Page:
★★★★½ /DCP/ Becker’s one true masterpiece, a stunning reimagining of his style, finds profound depth in the riveting story of a group of men planning a prison escape. Becker, always a master at the small details revels in the mundane routines of prison life and within the agonizing methodical execution of the planned escape. A mesmerizing humanist tale of desperation, hope and horrifying betrayal.
Never thought that Becker would enslave my heart with this movie - - how long I believed that nothing ever will repeat the feeling I got while watching "A Man Escaped", but oh my, this is simply genius.What an atmosphere.The subtle camera work and structured monochrome construct left me speechless. I'll need a week to recover from what I saw. Groundbreaking, really.
By far the best escape movie I 've seen, "Le Trou" delivers with remarkable originality the suspense of the group's preparation for their exit to freedom, and on a couple of occasions via aural devices. Turning viewers' expectations on their head, Becker's film contains unabridged the amoral universe so typical of French cinema since the late 1940s. The all-male cast of inmates is superb and the cinematography glows!
"Becker doesn’t elide any detail and lets his scenes go on and on so we understand just how much effort it all takes. It’s agonizing to watch but never tedious or boring. There’s something weirdly Zen about these characters. They’re anxious to get out, but there’s an air of resignation about them. LT is not just about tough guys trying to break out of prison; it’s about doomed romantics."- B. Ebiri, Village Voice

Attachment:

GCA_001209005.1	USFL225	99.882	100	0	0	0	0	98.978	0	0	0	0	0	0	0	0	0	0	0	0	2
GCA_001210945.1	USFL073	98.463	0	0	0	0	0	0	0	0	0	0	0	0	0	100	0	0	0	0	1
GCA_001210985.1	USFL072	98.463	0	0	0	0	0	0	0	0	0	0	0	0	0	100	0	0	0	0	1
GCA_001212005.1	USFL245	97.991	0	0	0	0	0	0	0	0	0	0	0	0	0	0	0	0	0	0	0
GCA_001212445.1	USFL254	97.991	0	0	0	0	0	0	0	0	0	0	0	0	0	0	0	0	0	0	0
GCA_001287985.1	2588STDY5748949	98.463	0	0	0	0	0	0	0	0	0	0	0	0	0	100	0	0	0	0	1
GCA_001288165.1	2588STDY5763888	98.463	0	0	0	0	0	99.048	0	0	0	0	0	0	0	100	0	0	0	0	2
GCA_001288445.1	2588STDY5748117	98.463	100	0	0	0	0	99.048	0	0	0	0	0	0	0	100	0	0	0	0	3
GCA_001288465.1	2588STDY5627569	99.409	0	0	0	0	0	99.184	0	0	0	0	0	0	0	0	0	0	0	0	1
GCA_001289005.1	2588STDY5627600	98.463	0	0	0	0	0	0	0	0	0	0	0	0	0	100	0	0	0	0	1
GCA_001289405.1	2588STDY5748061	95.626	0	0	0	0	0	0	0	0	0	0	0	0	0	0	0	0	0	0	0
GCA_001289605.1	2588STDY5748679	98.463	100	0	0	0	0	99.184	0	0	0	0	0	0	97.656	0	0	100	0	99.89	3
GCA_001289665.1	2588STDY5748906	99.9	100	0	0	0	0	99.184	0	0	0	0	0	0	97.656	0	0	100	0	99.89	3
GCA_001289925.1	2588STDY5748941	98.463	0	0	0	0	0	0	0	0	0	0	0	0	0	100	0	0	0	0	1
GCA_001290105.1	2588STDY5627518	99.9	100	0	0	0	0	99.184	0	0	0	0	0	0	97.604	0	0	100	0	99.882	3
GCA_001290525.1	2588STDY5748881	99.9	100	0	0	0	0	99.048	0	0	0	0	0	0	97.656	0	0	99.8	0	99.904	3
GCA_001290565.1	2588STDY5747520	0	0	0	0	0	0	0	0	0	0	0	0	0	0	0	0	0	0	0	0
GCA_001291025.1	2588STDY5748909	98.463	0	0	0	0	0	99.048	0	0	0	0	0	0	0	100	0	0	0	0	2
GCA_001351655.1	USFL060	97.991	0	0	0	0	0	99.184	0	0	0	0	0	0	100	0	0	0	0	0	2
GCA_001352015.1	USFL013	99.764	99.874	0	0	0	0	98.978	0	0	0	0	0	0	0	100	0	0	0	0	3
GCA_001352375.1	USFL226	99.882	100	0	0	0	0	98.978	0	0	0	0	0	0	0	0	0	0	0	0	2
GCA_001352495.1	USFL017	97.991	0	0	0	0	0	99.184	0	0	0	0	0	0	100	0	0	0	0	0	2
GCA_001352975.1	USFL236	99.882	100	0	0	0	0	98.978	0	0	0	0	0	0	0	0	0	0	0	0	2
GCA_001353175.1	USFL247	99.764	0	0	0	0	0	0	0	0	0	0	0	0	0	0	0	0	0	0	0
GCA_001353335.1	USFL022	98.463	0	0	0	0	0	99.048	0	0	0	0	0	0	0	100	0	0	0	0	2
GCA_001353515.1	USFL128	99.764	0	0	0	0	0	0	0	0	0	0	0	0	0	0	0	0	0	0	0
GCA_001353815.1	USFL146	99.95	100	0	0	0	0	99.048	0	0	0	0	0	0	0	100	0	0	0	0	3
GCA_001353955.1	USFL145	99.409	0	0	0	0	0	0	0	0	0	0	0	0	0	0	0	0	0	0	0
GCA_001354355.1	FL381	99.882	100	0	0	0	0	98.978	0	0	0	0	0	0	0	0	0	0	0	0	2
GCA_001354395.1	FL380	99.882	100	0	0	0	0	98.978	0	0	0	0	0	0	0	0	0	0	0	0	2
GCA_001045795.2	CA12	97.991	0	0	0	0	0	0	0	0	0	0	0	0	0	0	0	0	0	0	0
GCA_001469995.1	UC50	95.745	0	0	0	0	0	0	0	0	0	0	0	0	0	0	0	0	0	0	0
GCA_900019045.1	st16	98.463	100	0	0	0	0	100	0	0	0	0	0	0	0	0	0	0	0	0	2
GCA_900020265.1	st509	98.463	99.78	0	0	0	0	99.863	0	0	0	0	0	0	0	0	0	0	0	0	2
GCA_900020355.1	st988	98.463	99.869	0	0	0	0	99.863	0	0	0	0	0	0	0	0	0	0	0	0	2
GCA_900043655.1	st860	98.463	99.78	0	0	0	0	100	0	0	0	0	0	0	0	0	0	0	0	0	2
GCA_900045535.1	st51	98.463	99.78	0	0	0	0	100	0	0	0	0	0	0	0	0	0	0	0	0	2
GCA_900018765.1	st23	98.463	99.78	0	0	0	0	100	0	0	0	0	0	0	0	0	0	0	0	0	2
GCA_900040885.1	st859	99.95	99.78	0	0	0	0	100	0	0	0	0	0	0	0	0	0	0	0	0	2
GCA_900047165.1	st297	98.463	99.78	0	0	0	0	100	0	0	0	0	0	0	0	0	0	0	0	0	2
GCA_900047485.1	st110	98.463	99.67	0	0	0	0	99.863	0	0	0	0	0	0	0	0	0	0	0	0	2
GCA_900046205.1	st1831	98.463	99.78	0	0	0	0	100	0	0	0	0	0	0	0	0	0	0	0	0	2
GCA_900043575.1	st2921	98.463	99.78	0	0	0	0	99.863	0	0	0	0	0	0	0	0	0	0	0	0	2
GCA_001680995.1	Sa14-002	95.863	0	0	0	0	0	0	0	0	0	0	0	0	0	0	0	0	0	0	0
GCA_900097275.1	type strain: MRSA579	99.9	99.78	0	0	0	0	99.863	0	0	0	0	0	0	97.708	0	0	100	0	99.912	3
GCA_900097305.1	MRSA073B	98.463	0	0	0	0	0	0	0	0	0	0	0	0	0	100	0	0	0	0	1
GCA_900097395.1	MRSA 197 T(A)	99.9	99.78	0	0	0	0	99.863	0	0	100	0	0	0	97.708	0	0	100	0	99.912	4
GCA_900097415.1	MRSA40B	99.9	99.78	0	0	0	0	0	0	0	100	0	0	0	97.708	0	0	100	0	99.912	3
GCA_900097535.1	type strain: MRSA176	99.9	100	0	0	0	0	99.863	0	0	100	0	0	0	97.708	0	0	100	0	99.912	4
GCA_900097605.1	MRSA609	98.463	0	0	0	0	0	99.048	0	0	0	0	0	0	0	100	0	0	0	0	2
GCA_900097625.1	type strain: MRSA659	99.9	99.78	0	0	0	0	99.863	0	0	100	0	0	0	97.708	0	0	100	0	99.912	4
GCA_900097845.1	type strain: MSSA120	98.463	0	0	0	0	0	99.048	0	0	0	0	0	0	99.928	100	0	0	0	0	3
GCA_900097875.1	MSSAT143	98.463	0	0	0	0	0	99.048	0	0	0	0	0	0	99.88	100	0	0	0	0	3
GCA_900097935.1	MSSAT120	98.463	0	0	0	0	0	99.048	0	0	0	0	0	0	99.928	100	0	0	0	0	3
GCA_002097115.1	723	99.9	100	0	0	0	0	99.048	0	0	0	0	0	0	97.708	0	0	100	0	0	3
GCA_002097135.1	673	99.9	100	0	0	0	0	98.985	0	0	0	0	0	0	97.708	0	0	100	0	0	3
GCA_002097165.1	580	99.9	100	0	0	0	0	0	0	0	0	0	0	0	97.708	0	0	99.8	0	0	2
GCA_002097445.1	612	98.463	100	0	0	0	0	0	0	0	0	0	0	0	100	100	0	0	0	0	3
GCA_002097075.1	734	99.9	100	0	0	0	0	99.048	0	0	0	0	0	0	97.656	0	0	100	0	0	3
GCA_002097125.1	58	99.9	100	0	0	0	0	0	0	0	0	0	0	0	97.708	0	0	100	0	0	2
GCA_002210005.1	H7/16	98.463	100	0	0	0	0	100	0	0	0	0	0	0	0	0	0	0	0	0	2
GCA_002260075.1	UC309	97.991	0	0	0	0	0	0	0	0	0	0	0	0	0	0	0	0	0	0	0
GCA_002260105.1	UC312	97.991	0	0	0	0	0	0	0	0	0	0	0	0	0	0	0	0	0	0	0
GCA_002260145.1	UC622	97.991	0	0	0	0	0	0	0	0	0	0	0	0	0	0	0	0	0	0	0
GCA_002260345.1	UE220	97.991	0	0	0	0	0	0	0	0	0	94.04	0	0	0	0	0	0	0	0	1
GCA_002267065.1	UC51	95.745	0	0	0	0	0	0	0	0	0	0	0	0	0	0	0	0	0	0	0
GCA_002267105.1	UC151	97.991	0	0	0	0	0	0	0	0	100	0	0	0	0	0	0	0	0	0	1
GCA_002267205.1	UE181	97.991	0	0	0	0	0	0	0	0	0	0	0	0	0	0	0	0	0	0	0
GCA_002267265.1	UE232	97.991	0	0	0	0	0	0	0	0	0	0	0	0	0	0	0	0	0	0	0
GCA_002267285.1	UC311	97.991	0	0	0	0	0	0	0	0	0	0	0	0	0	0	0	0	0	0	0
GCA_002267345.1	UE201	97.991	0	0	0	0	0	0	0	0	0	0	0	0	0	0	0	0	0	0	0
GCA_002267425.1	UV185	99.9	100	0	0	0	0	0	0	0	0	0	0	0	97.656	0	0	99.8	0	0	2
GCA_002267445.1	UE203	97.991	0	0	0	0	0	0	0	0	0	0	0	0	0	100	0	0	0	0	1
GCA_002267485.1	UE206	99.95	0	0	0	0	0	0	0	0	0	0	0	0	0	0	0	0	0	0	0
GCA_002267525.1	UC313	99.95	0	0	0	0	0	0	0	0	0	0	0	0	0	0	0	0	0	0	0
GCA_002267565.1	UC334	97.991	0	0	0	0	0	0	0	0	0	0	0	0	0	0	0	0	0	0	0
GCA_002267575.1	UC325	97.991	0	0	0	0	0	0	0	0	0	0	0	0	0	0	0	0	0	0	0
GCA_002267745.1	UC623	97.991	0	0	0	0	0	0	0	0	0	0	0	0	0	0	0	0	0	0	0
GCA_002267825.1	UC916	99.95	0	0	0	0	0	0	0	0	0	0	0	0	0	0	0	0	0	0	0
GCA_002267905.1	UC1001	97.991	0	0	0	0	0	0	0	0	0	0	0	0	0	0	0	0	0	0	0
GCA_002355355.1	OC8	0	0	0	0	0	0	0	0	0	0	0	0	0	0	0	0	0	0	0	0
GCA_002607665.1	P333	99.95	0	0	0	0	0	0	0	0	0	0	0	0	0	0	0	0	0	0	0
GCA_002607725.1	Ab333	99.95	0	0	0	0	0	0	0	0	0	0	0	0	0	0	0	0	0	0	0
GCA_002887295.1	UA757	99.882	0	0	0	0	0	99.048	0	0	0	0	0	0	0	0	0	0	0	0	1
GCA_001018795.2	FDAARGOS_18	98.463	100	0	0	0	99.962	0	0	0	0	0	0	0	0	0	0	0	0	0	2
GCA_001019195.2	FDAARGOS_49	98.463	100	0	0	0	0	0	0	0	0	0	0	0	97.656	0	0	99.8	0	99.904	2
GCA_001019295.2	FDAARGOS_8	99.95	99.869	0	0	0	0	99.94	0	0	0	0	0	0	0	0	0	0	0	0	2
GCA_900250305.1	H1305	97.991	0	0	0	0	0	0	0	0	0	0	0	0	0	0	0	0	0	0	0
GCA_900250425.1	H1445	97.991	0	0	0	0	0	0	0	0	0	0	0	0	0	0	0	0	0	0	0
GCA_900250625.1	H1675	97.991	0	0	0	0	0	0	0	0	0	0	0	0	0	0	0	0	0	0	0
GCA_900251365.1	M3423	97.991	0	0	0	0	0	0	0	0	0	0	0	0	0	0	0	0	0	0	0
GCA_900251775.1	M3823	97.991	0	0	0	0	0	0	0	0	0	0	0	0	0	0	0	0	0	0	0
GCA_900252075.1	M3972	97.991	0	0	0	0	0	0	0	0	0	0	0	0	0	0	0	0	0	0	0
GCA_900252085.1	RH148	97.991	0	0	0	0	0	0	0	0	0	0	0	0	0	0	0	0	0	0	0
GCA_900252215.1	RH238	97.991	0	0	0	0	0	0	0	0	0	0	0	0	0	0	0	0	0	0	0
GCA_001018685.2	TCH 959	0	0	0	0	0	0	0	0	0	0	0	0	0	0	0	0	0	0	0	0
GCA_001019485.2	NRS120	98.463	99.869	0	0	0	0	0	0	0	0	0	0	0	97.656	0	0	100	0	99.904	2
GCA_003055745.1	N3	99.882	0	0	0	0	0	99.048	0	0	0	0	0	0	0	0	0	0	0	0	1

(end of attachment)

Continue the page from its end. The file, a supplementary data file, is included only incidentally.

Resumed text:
Perfect recreation and celebration of the French Resistance movements. All types had to work together against the Occupation. The lead fellow even looked like Francois Mitterand, who escaped 3 times from a German POW camp and later led the Resistance. Mitterand first came to see the benefits of socialism in his POW camp. Excellent portrayal of the ostracism of a collaborator. Sharp, precise editing and camerawork.
Who would have thought that watching someone dig a hole would be so engaging. Smart, restrained as well as inventive at the same time. Acting is pretty sub-standard, but the direction more than makes up for it. Becker has a great eye for detail and knows exactly where to put the camera to make the mundane seem quite exciting.
This was a great addition to the prison escape genre and the ending was awesome, I had to watch twice, I kept waiting for the turn to greatness and it wasn't until the end that I really felt it...the prison seemed to be really humane,I also like when the plumbers get their comeuppance - just a few handy slaps save the day, in general it felt a little too tame/convienent for me, I would have liked a bit more danger
The first thing I noticed was the fashion. Even in prison, the French like to dress well. I hate to say it, but I don't think you can trust a man in a sweater vest. I'm sure there are plenty of perfectly nice people who wear them. I've been known to wear them myself. This is edge of your seat cinema.
if I have to compare bresson and becker's prison escape themed films. I prefer bresson because of inner voice (Narrator) and usage of magnificent mozart ..but in terms of acting this film is much better.There are great actors who reflect the tiresome atmosphere of digging scenes very successfully.important part of human nature is an inevitable betrayal.